5. Haley Ward says:

    My courageous leadership experience took place my senior year of high school when I was selected to be the senior director of our school’s pageant. It was my job to come up with a set design along with my co- senior director and since I had done the pageant the year before, it was my job to teach the contestants how to do everything they needed to know to receive the most points they could from the judges. It was hard to critique some of the girls in the pageant though, because most of them were good friends of mine and I did not want to hurt their feelings while making suggestions and comments. I was also asked to write a speech and help MC for the pageant. I had just recently gotten over my fear of public speaking, therefore, the nerves were still there. However, I throughly enjoyed doing this and I really learned more about my leadership styles and qualities by doing this.

  6. Jacob Clore says:

    My courageous leadership experience came when I was on the retreat team at my high school. I went to a Catholic High School where we put retreats on for every grade. Part of the retreats consisted of talks that were given to advise the students on the issues they were facing at that time. I really love the idea of speaking to others , but I tend to get really nervous when the time comes. I also tend to be really critical of myself. However, once it was time to volunteer, I always convinced myself to give the talk, even when I knew that I would be nervous once the time came. Over the course of the year, I ended up giving three talks because I wanted to make an impact on their lives.

  7. Grace Ellis says:

    In the middle of my sophomore year of high school, my family moved from Rockford, Illinois to Rural Retreat, Virginia. My siblings and I were devastated. My parents assured us we would like our new school and make new friends in no time. We didn’t believe them. I remember getting ready for school on December 1st, my first day at Rural Retreat High School. I was a bundle of nerves. I looked at my brother and sister and saw the fear in their eyes and suddenly realized what I needed to do. I needed to lead them courageously into this new chapter of our lives. Even though I was still terrified, I put on a brave face and excitedly encouraged them to go in with positive attitudes and open minds. The first month, I regularly talked to my brother and sister after school and asked them about their teachers and classmates and joked about how different it was from our old school. I saw a good change in their outlook and noticed that they were doing well in their classes and making new friends. I also realized that in the process of being an optimistic leader and role model for my siblings, I became happy and comfortable with the new situation. By focusing on the happiness of my “followers”, I became a better leader. I learned that by lifting their spirits and encouraging them to be brave and open-minded, they, too, were learning to be positive leaders.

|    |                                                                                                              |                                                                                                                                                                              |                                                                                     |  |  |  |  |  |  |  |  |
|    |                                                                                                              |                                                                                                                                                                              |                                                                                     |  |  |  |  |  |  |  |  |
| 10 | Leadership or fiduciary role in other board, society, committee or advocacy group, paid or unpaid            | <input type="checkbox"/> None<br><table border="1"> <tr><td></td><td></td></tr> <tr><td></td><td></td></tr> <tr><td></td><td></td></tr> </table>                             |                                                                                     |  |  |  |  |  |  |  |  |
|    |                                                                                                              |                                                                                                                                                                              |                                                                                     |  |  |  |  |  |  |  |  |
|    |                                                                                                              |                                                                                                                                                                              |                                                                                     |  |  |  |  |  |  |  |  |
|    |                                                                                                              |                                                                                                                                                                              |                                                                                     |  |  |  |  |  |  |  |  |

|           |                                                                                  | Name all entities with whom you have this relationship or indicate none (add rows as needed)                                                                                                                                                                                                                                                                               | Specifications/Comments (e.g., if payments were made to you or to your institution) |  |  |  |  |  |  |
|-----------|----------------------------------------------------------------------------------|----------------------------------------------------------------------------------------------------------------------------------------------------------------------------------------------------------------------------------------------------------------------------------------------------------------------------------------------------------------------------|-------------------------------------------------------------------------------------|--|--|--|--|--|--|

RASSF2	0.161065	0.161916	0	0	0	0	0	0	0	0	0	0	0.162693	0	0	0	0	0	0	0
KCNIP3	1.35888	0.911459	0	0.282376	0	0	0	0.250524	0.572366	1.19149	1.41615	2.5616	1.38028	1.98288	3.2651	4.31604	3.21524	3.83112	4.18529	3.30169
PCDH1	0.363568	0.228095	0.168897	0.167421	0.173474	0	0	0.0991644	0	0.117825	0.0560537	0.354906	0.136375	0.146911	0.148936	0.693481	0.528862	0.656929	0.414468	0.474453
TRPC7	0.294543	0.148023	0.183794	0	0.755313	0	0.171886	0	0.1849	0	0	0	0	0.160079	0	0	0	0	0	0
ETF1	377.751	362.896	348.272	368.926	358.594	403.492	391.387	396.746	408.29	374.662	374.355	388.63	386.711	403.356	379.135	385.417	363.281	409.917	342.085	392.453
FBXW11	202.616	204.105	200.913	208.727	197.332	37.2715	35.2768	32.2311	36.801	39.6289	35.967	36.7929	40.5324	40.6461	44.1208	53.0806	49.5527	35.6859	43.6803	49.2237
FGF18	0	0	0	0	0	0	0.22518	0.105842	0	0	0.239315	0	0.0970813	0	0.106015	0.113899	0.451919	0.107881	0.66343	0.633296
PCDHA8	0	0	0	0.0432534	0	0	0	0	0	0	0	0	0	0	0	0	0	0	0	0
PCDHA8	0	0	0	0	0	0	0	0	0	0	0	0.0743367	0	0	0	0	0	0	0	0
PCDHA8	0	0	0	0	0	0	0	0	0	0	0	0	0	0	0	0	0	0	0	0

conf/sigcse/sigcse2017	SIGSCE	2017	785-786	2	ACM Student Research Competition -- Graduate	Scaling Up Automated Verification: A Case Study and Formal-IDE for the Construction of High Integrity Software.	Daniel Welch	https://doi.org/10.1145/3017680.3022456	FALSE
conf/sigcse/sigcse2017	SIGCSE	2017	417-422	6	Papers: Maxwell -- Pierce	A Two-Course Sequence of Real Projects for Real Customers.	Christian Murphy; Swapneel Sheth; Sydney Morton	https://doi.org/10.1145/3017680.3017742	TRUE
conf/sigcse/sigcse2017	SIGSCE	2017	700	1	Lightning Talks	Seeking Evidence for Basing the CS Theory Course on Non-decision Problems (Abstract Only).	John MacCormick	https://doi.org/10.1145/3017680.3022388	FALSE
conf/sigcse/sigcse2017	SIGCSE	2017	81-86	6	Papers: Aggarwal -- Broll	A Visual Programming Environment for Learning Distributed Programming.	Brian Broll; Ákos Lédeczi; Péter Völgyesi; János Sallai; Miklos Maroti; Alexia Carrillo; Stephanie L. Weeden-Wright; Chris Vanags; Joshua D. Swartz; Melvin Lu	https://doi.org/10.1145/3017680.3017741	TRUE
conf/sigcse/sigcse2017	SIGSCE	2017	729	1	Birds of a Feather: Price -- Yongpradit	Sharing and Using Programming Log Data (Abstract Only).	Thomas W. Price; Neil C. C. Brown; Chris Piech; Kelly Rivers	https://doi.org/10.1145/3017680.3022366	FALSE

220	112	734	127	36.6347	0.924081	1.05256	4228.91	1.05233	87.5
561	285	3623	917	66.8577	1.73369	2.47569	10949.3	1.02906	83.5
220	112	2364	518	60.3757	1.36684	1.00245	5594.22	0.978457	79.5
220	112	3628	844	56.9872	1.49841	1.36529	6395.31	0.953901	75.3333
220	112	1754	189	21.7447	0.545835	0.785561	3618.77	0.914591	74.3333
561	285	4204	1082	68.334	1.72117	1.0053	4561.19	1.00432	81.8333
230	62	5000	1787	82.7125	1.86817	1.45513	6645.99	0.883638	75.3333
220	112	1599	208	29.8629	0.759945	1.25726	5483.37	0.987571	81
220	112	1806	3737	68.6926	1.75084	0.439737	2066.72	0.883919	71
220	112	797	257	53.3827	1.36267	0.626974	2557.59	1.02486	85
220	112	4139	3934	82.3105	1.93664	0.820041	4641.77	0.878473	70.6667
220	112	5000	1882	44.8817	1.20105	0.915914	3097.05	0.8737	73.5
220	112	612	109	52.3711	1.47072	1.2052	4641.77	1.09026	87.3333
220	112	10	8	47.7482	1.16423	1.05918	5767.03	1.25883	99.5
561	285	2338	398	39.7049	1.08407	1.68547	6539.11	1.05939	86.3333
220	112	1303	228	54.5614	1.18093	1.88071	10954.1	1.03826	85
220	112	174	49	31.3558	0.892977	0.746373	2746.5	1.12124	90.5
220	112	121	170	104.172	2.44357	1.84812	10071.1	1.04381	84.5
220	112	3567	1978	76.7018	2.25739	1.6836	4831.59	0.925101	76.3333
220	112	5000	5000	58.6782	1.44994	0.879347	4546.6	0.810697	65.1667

8. Riley St. Pierre says:

    My courageous example of leadership came during the fall of my senior year. I was captain on the cross country team and one night I got a call from a teammate and close friend of mine telling me that our coach’s wife had suddenly and tragically passed away. I was deeply upset and shocked and my heart went out to my coach, his daughter, and his son who was also on the team. As well as the captain on the team I was also the spiritual leader. The next morning, our head coach asked me to say a prayer for coach and his family. Fighting through the tears and the cries of those around me I did. After that, however, I knew that more needed to be done. I felt God calling me to speak more to the team. I got some Scripture together and God gave me the heart, ability, and courage to give others a feeling of comfort. I shared Scripture of comfort and peace and I shared with my team that nothing else in the world mattered except our relationship with God and that we can find comfort in the Lord. God empowered me to be a leader that day and to help my team get through the season. My leadership skills took leap that day because soon after that I started a bible study and did several other things throughout the school year. It was hard to stand in front of the team and comfort them on such a sorrowful day, but God gave me the courage to do so and for that I am very thankful.